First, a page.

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Post Office scandal shows dangers of blind faith in technology, union warns


The Post Office IT scandal has exposed the dangers of blind faith in technology at a time when surveillance technologies are “creeping” into the workplace, a union has warned

The TUC said that intrusive worker surveillance technology and artificial intelligence risk “spiralling out of control” without stronger regulation to protect workers.

As the Post Office scandal inquiry continues this week, the union said it represented a glaring example of how subservience to technology can go badly wrong. More than 800 postmasters were prosecuted between 2000 and 2014 after the Post Office accused them of stealing from the tills. It later emerged that the organisation was relying on evidence from a faulty IT system.

‘Livelihood taken away’

“The Post Office scandal must be a turning point. Nobody should have their livelihood taken away by technology,” the union said. “Workers must be properly consulted on the use of AI, and be protected from its punitive ways of working. Technologies could lead to widespread discrimination, work intensification and unfair treatment if left unchecked.”

The union’s research suggests that the majority of workers have experienced surveillance in the past year and overwhelmingly support stronger regulation. It said that workplace surveillance tech took off during the pandemic as employers transferred to more remote forms of work. This included monitoring of emails and files, webcams on work computers, tracking of when and how much a worker is typing and making calls.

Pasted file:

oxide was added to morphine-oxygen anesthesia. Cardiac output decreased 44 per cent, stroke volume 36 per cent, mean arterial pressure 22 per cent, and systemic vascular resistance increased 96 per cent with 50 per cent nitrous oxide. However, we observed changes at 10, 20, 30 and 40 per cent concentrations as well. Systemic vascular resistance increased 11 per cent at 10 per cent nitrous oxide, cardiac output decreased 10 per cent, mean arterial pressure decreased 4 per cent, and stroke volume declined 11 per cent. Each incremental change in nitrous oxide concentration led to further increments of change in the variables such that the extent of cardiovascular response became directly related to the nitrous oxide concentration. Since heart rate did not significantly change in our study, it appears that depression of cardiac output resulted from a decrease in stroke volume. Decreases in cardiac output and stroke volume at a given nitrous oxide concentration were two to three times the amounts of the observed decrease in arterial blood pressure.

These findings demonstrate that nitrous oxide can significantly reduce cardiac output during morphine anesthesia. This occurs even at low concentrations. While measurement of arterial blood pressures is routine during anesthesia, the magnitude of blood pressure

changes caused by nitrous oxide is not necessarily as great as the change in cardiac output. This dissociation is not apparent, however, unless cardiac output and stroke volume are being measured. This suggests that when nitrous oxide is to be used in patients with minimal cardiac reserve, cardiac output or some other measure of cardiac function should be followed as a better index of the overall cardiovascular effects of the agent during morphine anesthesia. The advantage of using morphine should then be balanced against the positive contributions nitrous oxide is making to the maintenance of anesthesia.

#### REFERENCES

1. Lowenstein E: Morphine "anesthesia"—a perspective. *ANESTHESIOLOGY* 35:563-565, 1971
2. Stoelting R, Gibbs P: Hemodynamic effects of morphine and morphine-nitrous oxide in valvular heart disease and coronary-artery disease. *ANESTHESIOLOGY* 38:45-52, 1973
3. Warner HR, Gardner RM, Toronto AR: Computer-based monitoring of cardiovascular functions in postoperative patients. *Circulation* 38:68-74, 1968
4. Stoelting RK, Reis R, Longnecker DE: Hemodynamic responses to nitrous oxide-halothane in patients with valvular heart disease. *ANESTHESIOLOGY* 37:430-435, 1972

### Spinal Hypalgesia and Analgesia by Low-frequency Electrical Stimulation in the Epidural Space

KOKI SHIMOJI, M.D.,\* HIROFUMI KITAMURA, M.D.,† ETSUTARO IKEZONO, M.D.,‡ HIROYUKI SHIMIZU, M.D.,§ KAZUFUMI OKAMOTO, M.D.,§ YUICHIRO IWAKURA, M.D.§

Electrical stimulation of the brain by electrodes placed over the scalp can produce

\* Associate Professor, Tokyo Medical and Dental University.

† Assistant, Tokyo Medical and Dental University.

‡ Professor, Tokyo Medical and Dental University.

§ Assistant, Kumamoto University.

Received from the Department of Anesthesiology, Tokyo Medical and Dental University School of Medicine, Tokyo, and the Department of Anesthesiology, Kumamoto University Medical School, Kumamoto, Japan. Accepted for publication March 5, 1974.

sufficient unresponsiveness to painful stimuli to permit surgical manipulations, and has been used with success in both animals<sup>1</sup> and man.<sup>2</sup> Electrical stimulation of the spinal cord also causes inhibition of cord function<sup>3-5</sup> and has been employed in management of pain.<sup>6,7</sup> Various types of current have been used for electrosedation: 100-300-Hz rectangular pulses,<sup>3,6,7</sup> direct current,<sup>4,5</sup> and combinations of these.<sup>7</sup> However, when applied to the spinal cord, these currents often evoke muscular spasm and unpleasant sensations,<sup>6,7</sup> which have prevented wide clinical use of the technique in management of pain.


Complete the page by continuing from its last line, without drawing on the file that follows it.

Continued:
‘Beyond the gig economy’

“The creeping role of AI and tech-driven workplace surveillance is now spreading beyond the gig economy into the rest of the labour market,” the TUC said. “AI-powered technologies are even being used to analyse facial expressions, tone of voice and accents to assess candidates’ suitability for roles.”

The union said that employers should consult trade unions before introducing the use of artificial intelligence and automated decision-making systems, and an Employment Bill which includes the right to disconnect, alongside digital rights to improve transparency around use of surveillance technology.

Frances O’Grady, general secretary of the TUC, said: “Worker surveillance tech has taken off during this pandemic and now risks spiralling out of control. Employers are delegating serious decisions to algorithms, such as recruitment, promotions and sometimes even sackings.”


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